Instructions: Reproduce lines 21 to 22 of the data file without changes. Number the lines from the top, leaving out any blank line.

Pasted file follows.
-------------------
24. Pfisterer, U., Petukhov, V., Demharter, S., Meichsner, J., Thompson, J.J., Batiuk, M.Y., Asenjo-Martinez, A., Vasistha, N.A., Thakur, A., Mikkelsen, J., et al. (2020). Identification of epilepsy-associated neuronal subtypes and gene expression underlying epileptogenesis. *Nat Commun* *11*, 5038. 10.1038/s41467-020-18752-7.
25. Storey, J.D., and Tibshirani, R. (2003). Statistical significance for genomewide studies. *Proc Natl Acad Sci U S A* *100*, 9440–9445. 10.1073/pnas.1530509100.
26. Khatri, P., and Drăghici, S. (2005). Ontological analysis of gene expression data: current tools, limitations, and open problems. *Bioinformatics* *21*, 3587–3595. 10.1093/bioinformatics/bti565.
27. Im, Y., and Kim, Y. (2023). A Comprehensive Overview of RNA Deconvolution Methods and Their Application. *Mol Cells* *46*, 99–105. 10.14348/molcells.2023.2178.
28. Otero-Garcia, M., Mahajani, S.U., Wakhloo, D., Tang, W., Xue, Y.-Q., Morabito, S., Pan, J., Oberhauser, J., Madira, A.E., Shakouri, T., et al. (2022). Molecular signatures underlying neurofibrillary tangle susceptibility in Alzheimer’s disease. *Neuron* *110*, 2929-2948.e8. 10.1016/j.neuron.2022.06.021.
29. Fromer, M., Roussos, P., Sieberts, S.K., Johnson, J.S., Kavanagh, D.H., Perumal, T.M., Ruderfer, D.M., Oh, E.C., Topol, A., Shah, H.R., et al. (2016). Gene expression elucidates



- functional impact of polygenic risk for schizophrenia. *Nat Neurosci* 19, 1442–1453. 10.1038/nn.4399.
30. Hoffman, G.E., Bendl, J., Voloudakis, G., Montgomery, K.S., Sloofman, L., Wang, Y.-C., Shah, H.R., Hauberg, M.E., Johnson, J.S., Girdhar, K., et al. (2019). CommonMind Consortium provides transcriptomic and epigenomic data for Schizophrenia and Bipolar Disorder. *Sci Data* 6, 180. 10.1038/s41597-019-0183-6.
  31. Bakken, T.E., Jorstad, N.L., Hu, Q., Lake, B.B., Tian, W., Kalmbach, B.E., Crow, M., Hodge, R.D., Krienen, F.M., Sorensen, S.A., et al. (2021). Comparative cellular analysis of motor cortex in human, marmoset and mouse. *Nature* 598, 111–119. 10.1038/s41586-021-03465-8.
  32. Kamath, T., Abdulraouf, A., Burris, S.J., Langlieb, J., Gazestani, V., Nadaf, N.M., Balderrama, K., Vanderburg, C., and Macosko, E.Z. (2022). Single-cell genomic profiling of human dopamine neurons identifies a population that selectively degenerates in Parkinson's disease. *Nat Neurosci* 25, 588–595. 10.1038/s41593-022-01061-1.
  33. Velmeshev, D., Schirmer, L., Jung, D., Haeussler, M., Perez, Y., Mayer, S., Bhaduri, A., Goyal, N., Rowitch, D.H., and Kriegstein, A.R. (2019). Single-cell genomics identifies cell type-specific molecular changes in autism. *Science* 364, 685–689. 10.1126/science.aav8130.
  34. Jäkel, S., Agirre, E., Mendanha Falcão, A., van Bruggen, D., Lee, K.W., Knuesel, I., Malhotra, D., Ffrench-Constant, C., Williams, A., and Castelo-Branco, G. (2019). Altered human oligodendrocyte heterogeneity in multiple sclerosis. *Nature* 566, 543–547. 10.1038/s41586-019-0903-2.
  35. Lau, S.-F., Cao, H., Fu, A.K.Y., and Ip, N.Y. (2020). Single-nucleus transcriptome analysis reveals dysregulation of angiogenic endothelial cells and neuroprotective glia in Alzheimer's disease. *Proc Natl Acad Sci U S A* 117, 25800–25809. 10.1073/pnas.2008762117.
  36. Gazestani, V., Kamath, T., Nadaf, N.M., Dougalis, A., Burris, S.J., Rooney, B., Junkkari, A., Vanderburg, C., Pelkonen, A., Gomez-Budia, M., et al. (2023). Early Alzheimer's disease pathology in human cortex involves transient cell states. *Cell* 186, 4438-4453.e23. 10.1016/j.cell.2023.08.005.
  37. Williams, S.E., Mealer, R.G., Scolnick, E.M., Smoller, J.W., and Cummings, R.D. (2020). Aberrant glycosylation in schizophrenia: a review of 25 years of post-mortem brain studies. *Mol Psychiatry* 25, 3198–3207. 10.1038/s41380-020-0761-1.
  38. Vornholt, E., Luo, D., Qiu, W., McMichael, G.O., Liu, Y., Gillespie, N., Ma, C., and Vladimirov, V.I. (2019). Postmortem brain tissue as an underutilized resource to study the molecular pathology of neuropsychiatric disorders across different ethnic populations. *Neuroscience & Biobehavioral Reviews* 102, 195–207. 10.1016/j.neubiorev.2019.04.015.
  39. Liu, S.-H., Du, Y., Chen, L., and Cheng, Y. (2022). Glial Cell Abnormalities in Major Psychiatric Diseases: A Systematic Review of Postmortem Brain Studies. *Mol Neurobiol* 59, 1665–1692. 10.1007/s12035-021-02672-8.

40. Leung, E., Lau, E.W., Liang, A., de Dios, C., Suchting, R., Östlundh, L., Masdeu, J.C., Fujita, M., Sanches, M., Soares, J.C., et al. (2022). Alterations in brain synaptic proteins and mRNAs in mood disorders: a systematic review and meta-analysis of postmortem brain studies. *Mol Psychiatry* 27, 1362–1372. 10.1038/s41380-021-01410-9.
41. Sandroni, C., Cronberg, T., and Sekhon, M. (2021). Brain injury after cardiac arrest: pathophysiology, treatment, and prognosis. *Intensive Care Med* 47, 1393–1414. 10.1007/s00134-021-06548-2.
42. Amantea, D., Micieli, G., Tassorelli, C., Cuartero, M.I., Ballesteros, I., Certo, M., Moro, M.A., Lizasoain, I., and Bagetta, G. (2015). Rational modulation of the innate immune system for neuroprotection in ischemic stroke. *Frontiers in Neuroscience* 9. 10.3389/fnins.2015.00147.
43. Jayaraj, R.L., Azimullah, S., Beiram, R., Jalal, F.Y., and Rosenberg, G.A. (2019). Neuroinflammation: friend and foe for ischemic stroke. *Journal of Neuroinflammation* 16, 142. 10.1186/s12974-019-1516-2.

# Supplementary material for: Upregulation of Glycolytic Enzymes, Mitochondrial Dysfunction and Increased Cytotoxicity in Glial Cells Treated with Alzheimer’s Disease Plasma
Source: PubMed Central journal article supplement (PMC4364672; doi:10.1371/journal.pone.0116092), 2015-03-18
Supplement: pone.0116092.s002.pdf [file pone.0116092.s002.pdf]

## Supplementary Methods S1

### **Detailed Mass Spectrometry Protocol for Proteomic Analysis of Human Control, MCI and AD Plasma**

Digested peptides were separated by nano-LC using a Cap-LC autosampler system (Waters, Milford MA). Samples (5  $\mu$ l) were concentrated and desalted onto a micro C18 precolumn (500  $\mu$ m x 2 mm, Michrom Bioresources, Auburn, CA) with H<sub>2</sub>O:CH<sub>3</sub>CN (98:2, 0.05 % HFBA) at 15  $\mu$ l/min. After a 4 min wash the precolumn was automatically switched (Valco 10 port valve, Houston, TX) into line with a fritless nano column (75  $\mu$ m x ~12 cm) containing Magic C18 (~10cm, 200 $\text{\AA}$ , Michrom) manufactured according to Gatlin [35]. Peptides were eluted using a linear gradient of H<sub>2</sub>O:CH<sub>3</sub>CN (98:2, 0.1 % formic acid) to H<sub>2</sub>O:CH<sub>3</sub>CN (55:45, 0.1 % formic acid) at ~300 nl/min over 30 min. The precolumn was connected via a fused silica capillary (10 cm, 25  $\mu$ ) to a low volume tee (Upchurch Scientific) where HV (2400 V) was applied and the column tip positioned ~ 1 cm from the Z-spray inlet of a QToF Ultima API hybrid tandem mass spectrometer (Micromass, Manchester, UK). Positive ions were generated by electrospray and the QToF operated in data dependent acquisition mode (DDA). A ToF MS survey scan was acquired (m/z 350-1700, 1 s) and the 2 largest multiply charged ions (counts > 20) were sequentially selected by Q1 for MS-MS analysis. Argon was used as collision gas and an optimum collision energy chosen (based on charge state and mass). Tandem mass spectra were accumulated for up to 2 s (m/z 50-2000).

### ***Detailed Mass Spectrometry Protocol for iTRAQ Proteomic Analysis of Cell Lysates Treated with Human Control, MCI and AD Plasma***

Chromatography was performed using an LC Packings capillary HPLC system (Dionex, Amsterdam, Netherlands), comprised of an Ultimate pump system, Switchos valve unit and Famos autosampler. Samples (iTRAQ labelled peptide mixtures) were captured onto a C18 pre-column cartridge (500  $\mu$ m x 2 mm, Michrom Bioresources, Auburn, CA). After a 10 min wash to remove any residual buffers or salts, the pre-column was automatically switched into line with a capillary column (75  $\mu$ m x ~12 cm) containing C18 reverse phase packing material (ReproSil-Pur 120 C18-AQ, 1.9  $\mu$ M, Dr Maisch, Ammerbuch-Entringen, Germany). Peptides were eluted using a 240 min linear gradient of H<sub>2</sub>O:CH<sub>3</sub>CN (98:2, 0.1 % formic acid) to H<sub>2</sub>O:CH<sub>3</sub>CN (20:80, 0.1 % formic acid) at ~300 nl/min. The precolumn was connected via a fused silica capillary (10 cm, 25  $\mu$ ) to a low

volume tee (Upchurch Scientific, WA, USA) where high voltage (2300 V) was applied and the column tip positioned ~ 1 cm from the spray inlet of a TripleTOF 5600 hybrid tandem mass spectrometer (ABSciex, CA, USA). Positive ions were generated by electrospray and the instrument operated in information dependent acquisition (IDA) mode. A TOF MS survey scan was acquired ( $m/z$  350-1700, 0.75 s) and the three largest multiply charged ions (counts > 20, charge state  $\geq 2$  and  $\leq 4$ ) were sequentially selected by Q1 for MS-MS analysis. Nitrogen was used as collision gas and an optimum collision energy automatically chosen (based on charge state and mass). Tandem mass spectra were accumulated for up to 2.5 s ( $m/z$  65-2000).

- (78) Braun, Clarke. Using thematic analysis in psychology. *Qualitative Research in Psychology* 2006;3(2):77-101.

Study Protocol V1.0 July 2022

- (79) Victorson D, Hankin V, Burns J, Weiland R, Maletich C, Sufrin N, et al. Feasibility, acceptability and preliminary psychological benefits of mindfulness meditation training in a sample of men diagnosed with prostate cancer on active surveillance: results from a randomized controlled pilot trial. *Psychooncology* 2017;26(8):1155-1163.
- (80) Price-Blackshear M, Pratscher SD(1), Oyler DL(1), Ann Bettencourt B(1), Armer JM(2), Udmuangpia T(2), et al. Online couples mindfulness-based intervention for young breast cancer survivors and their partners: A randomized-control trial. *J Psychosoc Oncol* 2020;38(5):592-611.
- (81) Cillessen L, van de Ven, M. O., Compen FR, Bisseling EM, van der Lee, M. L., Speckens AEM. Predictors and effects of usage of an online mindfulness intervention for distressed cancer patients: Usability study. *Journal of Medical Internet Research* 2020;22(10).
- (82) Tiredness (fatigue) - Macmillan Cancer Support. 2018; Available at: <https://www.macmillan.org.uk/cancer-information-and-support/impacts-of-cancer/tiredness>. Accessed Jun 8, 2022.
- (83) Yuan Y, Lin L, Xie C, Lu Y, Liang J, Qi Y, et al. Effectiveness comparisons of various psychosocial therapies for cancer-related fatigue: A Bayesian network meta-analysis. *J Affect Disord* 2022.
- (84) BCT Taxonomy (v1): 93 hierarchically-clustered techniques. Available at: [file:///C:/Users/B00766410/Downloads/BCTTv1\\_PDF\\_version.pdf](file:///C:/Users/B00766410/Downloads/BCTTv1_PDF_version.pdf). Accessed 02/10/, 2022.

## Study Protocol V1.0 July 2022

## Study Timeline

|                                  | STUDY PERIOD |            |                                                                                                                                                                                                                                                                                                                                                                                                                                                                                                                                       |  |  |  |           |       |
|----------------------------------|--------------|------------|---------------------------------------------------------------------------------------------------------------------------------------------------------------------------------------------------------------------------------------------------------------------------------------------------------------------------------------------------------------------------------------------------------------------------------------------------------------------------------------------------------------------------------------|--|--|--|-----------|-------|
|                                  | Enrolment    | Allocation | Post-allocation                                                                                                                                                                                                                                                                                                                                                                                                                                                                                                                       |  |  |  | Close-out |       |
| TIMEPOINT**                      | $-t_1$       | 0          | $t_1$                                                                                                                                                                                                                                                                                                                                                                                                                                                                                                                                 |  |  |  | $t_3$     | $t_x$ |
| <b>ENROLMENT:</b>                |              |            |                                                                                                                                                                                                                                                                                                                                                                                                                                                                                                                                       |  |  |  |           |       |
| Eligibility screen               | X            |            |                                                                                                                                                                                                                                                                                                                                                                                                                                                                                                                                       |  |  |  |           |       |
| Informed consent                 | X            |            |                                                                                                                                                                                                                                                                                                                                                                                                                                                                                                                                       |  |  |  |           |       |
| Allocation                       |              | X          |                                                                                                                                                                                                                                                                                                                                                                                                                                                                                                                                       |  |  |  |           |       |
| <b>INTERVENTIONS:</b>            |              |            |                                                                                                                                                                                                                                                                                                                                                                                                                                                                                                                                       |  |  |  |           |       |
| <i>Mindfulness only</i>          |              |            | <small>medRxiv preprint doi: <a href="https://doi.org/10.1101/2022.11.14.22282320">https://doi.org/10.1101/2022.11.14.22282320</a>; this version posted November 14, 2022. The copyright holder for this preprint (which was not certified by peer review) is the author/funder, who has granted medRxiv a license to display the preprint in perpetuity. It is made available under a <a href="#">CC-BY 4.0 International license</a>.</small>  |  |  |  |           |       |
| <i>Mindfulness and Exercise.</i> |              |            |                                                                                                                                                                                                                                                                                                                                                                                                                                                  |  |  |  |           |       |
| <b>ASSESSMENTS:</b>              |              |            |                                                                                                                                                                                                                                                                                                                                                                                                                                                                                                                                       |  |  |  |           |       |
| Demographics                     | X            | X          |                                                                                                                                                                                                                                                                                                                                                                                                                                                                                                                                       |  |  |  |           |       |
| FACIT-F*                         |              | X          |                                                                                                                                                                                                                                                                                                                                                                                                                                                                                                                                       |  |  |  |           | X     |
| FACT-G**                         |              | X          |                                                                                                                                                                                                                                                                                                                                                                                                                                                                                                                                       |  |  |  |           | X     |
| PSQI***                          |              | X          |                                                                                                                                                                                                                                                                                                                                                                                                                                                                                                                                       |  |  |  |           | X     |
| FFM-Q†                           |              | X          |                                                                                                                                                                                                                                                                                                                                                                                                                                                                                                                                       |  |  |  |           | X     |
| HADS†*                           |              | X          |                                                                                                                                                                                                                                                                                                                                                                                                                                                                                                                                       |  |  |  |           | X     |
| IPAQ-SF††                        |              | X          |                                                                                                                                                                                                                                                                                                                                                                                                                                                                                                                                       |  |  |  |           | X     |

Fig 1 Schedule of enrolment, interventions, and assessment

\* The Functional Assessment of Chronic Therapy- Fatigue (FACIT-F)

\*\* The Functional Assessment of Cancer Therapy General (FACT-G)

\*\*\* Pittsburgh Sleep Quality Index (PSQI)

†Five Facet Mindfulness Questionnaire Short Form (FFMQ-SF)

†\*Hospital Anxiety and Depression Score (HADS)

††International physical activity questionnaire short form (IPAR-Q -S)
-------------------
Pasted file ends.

43. Jayaraj, R.L., Azimullah, S., Beiram, R., Jalal, F.Y., and Rosenberg, G.A. (2019). Neuroinflammation: friend and foe for ischemic stroke. *Journal of Neuroinflammation* 16, 142. 10.1186/s12974-019-1516-2.

# Supplementary material for: Upregulation of Glycolytic Enzymes, Mitochondrial Dysfunction and Increased Cytotoxicity in Glial Cells Treated with Alzheimer’s Disease Plasma